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Sons Of Anarchy's Ron Perlman Wasn't Confident That He Could Pull Off Playing Clay

Having accumulated several years of experience in the realm of acting, Ron Perlman has been fortunate enough to be attached to some pretty well-received TV and movie projects over the years (via Rotten Tomatoes). The Golden Globe winner is well-known for certain endeavors like his run in the Guillermo del Toro "Hellboy" movies, as well as some interesting credits in projects like "Alien: Resurrection," "Hand of God," "Blade II," and "StartUp." But his most popular role would have to be as Clay Morrow in "Sons of Anarchy." 

Throughout many of the critically-acclaimed seasons of "Sons of Anarchy," Perlman entertained home audiences as the ruthless leader of the titular biker gang. The actor played the club president for over 70 episodes until he departed the series in its sixth season. Anyone that watched the FX series knows that Clay has a threatening presence on the show, but some may not realize Pearlman was also pretty intimidated by the diabolical outlaw when he was considering taking on the role. In fact, was a time when he didn't think he had what it took to bring Clay to life on screen successfully.

Clay Morrow's cuthroat nature was almost too much for Ron Perlman to handle

It's no secret that Ron Perlman has played the bad guy on more than one occasion. But when it came to accepting the role of Clay Morrow, the actor initially hesitated. "To tell you the absolute truth, the first time I read it I wasn't sure I could play the guy. I've never played anybody like him," Perlman told Collider. "There was always a duality in all the characters I've played no matter how radical they were. There's no duality in Clay Morrow. He's got one gear and it's win at all costs, and he's not big on sense of humor. He has no feminine side whatsoever and I really didn't know whether I could, whether I had the chops to pull it off."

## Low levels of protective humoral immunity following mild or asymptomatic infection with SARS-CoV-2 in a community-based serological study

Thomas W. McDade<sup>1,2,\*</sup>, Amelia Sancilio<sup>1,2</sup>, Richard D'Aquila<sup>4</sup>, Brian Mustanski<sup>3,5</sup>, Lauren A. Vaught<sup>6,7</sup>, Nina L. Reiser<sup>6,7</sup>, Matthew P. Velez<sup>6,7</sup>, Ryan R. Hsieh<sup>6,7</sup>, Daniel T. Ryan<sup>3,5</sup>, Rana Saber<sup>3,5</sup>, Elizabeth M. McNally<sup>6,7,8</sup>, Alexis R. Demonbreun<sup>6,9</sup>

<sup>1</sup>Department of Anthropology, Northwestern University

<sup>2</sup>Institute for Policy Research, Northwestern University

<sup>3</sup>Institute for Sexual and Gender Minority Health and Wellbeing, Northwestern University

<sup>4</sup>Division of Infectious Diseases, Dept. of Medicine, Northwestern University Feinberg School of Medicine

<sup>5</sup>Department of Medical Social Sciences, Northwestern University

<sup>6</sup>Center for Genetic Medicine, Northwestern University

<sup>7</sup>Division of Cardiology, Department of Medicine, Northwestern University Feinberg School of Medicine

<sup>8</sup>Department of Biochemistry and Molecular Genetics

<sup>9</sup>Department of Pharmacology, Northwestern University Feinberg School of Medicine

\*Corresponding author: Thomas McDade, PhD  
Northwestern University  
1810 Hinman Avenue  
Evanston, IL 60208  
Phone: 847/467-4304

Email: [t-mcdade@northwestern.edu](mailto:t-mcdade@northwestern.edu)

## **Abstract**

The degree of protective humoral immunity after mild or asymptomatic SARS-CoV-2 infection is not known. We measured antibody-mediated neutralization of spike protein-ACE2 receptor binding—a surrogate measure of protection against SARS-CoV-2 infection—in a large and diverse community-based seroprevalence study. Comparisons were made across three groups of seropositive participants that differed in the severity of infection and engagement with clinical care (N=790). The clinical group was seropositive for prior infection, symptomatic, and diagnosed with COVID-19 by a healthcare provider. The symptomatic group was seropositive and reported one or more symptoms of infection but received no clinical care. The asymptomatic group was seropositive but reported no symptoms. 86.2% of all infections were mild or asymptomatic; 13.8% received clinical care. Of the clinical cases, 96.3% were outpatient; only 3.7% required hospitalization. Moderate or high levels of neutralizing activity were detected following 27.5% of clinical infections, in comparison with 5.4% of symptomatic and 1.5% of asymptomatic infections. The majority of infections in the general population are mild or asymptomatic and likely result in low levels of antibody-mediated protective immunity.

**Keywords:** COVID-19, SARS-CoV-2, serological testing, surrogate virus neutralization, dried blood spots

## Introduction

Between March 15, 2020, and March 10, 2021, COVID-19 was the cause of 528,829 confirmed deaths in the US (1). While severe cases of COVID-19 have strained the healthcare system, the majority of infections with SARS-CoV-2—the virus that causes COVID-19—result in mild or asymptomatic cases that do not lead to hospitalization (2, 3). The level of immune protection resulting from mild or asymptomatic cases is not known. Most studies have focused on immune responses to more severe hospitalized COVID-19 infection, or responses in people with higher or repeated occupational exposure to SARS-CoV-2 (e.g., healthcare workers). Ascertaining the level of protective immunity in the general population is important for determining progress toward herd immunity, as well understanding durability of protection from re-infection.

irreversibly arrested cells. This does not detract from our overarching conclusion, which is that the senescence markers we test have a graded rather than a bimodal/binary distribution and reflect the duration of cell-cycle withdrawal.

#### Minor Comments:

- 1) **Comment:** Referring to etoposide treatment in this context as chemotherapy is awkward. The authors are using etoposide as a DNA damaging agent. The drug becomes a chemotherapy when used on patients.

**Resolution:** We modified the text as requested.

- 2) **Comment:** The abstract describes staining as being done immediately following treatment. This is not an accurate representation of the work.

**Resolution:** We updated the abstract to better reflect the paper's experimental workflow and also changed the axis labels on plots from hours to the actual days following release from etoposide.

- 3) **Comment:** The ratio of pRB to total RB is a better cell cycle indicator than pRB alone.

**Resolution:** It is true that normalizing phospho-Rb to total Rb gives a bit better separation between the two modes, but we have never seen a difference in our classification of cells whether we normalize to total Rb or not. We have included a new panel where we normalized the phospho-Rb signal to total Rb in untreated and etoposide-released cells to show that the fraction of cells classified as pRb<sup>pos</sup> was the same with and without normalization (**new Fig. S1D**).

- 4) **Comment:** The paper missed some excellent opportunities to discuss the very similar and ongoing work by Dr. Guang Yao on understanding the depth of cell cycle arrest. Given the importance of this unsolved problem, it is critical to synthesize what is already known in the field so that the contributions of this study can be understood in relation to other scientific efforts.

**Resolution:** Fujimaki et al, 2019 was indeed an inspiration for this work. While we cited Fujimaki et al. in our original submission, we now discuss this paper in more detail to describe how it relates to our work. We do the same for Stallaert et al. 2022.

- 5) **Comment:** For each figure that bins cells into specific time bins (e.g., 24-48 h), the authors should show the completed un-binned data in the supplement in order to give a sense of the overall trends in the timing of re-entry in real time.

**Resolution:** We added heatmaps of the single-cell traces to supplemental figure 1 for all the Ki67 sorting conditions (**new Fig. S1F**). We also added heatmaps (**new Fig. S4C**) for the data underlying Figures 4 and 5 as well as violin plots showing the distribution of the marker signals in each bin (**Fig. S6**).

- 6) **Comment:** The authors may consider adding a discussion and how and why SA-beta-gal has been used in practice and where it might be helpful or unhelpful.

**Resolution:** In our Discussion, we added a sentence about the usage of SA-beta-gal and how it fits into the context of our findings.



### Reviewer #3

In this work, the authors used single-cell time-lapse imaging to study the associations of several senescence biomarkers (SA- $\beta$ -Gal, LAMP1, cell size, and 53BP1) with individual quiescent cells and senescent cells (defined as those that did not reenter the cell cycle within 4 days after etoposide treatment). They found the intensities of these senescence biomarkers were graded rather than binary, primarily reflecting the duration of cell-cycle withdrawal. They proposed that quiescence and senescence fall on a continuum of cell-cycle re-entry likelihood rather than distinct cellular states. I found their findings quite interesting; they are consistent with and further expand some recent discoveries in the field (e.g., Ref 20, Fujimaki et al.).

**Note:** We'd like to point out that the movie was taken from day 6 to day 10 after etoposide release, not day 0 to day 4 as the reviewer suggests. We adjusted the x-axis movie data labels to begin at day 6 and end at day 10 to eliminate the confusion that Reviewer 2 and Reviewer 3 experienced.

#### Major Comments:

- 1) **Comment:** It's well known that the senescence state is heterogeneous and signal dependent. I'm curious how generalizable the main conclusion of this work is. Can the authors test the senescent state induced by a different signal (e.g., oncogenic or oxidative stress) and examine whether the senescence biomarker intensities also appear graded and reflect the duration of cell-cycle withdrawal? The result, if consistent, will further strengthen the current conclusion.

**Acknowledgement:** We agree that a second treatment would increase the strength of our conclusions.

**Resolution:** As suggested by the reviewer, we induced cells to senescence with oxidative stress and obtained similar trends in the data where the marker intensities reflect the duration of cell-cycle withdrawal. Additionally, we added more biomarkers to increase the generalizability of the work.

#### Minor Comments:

Perlman also revealed that despite his hesitation, the confidence others showed in their belief that he was the right individual for the job convinced the actor to take the risk with the challenging part. In fact, when he was offered the role of Clay, Perlman was brought in to replace the original person cast because the network wanted what the actor once described as a "more operatic version" of the character (via NPR). Ultimately, playing the part wasn't a walk in the park, with some scenes proving to be almost too much to handle, according to the actor. While it was certainly a challenging endeavor from start to finish, fans would likely agree that Perlman was the right choice to play Clay.